.” She gave him a look. Not a long one, but long enough.

Bonnie laughed at Kid, sipped her glass of cough syrup-thick, apricot-scented breakfast wine. “The Green Monster,” she said in a horror movie voice, wriggling the fingers of her free hand.

“That should be a ride at the fair,” Noelle Buda joked. Both women giggled heartily.

The bones of Kid’s face worked under the skin. His eyes screwed themselves into the ceiling. Angry replies, counterattacks ground themselves against each other in his mind like his teeth, but couldn’t pry their way out of his jaws. Bonnie had to be in his way, as always, throwing his strength off balance, an obstacle, one of Noelle’s “buddies,” a cancerous growth that Kid would have liked to slice off Noelle and ground under his heel.

“In your face,” sang Chauncy Carnal, of Sphitt, “I want to shoot my gun,

Blow your brains out, now ain’t that fun?

Seize you by your tresses, slam home my sperm

Rip off all your dresses until your lessons are all learned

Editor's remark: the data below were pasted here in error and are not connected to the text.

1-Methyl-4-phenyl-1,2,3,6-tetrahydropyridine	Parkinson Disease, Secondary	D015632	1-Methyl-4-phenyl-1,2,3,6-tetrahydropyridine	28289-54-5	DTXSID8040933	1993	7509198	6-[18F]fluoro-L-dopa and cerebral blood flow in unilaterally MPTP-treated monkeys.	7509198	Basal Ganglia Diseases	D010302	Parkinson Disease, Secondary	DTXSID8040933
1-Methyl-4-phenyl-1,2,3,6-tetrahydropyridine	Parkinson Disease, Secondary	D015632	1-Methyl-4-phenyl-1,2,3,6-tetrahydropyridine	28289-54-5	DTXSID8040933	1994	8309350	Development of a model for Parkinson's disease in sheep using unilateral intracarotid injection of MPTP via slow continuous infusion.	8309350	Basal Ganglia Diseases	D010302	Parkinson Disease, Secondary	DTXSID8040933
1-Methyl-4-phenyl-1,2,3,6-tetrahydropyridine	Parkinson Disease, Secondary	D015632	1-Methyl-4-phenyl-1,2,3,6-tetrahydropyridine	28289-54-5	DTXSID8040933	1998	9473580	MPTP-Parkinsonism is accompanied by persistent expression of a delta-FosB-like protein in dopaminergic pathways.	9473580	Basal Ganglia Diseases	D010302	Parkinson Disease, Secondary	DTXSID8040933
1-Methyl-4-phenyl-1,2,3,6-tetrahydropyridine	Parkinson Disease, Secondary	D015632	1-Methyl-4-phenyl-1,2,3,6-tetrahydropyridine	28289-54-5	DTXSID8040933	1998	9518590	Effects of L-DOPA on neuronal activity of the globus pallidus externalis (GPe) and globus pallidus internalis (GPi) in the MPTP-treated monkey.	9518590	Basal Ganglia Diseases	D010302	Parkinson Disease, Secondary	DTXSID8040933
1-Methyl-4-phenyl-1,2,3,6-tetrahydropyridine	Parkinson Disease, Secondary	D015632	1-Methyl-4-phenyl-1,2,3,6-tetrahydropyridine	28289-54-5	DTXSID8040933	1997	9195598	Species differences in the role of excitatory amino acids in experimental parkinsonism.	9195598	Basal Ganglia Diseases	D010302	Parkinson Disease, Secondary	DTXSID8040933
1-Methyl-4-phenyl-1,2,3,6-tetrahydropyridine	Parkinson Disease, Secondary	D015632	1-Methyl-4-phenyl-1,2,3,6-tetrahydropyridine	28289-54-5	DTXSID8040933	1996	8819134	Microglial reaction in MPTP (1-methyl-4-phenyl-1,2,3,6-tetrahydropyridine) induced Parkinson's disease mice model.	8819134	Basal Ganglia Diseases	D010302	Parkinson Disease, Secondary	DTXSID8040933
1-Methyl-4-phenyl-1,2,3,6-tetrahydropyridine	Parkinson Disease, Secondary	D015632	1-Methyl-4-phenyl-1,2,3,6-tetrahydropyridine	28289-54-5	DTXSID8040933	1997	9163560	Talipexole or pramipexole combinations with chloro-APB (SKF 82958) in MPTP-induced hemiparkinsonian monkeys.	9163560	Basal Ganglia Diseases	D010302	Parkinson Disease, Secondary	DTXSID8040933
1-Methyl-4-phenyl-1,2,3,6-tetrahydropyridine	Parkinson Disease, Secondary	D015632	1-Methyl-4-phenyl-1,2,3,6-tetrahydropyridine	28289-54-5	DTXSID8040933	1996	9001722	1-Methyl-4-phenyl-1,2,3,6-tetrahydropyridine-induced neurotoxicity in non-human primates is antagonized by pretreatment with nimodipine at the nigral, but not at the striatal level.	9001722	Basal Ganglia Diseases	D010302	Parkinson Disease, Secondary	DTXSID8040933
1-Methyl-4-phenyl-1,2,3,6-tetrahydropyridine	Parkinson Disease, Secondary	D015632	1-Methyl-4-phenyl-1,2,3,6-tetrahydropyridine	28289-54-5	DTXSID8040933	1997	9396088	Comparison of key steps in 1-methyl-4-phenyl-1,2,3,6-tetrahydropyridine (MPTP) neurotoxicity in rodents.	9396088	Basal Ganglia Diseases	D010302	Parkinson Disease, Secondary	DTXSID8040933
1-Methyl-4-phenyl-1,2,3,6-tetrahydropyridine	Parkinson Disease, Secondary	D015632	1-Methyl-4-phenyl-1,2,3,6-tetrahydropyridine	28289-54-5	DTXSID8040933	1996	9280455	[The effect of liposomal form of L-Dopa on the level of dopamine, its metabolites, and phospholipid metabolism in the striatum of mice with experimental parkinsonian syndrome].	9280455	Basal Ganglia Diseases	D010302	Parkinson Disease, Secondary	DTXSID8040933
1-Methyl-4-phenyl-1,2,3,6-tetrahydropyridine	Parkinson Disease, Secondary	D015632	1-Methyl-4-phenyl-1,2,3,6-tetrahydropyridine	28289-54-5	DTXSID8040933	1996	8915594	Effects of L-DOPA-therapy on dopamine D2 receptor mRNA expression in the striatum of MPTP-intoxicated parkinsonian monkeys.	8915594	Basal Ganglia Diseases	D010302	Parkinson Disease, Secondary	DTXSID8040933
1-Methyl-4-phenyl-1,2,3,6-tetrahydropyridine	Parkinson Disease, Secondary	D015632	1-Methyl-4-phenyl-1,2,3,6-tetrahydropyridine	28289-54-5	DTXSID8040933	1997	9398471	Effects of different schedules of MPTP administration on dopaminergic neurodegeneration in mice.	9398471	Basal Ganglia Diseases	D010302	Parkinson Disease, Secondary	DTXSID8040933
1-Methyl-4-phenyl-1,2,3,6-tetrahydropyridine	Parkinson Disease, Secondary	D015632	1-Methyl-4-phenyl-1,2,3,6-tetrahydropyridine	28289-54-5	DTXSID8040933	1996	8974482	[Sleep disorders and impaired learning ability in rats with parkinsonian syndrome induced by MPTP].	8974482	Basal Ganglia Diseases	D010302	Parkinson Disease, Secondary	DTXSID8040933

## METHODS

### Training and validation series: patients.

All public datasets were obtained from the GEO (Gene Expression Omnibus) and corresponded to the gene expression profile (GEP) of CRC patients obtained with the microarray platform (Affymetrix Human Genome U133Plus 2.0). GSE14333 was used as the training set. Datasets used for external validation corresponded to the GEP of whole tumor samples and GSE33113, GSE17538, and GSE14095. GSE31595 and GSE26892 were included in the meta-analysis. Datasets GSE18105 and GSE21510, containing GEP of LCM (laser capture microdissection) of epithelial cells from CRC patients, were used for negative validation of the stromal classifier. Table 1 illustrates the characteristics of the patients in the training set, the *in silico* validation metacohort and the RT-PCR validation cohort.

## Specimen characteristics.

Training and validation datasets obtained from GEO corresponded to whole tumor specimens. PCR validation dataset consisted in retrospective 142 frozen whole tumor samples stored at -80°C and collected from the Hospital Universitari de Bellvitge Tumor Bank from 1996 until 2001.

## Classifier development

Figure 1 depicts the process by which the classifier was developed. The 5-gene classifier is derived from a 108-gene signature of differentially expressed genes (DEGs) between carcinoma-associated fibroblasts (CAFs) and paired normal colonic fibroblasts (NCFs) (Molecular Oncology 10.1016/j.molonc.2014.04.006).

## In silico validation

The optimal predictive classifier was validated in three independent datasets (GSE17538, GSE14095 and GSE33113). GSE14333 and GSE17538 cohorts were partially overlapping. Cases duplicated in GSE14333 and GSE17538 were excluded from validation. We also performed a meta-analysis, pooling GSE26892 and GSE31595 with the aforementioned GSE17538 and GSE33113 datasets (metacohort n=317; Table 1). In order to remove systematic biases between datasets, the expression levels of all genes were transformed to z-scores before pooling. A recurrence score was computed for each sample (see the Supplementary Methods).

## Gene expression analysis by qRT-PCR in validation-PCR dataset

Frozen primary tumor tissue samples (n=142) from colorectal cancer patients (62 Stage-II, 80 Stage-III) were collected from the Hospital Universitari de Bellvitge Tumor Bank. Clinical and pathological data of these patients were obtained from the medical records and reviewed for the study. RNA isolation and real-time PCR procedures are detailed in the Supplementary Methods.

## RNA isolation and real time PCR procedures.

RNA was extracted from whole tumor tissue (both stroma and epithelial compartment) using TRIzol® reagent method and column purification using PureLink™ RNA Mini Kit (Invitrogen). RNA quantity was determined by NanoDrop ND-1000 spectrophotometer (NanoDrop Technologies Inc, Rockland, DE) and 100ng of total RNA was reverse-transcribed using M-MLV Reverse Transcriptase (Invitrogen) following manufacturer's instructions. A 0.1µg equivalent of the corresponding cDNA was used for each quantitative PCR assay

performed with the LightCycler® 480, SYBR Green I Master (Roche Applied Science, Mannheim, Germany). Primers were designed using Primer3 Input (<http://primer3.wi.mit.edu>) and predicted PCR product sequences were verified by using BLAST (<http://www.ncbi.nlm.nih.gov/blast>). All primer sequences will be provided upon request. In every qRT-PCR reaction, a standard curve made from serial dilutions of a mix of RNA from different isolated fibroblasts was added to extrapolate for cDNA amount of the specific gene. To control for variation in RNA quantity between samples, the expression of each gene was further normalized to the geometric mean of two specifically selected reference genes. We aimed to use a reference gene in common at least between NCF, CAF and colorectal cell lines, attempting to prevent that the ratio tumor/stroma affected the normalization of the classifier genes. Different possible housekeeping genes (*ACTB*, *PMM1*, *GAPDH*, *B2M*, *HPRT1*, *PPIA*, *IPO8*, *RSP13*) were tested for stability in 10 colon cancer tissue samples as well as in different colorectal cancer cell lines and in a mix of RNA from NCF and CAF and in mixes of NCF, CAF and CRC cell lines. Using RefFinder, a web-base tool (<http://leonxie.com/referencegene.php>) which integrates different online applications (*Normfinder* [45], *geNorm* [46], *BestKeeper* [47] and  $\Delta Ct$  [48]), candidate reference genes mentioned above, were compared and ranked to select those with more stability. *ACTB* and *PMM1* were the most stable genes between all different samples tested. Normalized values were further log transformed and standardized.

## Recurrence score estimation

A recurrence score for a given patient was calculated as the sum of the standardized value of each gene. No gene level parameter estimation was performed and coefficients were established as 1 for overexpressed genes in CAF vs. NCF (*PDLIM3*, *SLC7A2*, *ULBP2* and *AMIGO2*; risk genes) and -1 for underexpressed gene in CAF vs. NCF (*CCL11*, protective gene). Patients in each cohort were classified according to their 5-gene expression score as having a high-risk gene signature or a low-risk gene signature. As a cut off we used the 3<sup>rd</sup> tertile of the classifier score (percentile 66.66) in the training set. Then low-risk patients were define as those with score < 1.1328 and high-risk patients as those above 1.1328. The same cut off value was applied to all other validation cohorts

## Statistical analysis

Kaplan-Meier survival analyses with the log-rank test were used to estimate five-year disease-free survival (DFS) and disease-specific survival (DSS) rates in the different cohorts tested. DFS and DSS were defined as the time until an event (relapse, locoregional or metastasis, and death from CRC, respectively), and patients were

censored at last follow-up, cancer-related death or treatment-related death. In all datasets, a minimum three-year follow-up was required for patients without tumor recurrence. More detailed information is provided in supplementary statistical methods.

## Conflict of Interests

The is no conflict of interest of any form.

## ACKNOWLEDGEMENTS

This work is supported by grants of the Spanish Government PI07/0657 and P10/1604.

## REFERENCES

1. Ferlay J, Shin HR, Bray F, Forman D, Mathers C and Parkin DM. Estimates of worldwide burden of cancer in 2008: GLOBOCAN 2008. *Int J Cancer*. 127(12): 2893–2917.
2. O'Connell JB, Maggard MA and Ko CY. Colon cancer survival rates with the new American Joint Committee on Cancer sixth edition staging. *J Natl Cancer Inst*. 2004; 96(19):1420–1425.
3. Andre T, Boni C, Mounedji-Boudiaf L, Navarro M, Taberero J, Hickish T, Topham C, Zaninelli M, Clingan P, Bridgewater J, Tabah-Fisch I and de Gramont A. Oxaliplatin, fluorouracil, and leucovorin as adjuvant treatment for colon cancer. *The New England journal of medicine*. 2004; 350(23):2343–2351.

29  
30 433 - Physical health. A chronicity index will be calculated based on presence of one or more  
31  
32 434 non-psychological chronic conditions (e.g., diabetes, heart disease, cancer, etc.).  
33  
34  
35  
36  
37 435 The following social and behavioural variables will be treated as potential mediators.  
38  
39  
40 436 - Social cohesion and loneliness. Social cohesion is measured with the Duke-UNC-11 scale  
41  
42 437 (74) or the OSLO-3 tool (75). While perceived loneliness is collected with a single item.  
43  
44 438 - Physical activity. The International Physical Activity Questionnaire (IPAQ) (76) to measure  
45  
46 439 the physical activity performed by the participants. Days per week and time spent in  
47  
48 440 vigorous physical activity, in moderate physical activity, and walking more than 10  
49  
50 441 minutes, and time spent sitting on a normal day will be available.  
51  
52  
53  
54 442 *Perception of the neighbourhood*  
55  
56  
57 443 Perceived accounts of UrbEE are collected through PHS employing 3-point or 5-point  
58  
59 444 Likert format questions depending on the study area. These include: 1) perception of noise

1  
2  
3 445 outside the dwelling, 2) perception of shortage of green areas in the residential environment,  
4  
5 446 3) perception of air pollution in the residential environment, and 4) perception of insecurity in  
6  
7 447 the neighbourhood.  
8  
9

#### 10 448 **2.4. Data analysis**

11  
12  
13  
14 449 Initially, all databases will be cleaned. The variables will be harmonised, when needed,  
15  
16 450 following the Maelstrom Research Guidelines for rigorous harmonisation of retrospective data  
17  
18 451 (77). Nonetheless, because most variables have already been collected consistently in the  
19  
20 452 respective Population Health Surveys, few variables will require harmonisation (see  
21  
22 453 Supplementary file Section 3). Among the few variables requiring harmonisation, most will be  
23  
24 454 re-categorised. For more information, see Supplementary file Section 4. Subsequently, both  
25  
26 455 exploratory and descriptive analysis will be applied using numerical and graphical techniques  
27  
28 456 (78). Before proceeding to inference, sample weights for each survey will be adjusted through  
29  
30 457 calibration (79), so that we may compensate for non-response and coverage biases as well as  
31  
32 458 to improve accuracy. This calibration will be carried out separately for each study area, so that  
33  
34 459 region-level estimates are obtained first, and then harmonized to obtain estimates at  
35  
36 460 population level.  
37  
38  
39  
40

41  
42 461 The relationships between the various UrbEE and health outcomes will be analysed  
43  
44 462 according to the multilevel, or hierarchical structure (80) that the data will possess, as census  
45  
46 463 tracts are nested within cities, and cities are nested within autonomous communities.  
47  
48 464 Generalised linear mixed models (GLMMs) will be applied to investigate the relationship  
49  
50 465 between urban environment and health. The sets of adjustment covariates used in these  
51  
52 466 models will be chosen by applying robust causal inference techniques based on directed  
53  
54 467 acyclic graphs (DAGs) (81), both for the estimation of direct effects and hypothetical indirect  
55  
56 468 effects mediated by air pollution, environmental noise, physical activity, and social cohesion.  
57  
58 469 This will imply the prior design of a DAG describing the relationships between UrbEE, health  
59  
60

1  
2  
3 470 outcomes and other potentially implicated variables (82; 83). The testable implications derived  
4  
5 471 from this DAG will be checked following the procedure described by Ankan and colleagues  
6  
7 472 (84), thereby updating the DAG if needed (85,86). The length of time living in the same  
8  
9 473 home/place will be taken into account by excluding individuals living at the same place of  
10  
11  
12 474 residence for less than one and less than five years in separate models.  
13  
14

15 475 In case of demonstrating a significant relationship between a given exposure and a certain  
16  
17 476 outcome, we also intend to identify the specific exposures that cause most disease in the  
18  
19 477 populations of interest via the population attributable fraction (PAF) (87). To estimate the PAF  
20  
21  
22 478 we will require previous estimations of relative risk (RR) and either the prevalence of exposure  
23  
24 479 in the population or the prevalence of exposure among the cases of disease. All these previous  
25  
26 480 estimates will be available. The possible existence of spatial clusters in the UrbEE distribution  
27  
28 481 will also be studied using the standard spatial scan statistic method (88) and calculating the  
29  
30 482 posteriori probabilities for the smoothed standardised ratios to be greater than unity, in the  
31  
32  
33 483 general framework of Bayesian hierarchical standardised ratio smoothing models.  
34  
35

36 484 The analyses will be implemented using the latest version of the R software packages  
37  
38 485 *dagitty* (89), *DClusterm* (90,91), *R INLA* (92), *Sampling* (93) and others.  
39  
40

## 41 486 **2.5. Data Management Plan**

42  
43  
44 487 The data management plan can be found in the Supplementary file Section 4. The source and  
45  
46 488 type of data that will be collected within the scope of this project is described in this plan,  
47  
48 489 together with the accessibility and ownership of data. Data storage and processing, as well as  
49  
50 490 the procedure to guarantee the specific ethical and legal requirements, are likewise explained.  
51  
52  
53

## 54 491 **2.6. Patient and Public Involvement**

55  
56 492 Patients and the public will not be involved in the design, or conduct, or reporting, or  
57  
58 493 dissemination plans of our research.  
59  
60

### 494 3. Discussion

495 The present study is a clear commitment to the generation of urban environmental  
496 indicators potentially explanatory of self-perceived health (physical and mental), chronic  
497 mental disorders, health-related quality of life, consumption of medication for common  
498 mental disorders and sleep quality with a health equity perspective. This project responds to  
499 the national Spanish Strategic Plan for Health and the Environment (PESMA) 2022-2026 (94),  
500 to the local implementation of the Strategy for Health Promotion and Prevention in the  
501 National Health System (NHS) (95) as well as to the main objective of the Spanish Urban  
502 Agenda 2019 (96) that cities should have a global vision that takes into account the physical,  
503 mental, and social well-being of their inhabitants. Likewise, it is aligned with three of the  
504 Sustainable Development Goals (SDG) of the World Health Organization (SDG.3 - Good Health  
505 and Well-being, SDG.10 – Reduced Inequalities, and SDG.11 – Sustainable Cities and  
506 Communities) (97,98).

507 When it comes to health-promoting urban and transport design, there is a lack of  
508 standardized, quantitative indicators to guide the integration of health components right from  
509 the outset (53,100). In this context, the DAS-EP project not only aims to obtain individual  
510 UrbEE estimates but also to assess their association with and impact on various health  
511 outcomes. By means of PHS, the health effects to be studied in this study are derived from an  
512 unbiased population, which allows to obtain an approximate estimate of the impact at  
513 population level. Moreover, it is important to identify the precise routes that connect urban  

If that’s what it takes for you to look in my eyes

If I have to deafen you so you’ll hear my cries

If I have to tear into your dreams to make myself real

Do I have to spit in your face to make you feel?

To make you feel, make you feel that I’m real?

Oh, oh, oh, in your face, you sorry little bitch


Barnacle-like organisms clung, or rather were fused, to the insides of the damp tunnel, each one as big around as a large truck tire, projecting funnel-like, black and glistening but for the anemone-like translucent white tentacles which flowered at the ends. The tentacles glowed, attracting unwary moths and such and illuminating the tunnel, and slowly writhed as if in some underwater current, but Wes and Fen merely avoided them casually. Once this circular tunnel had conveyed water; the barnacle-things had fed on insect-like plankton forms, but had since adapted mindlessly to the plankton of the air. They were possibly a hundred years old, like this tunnel.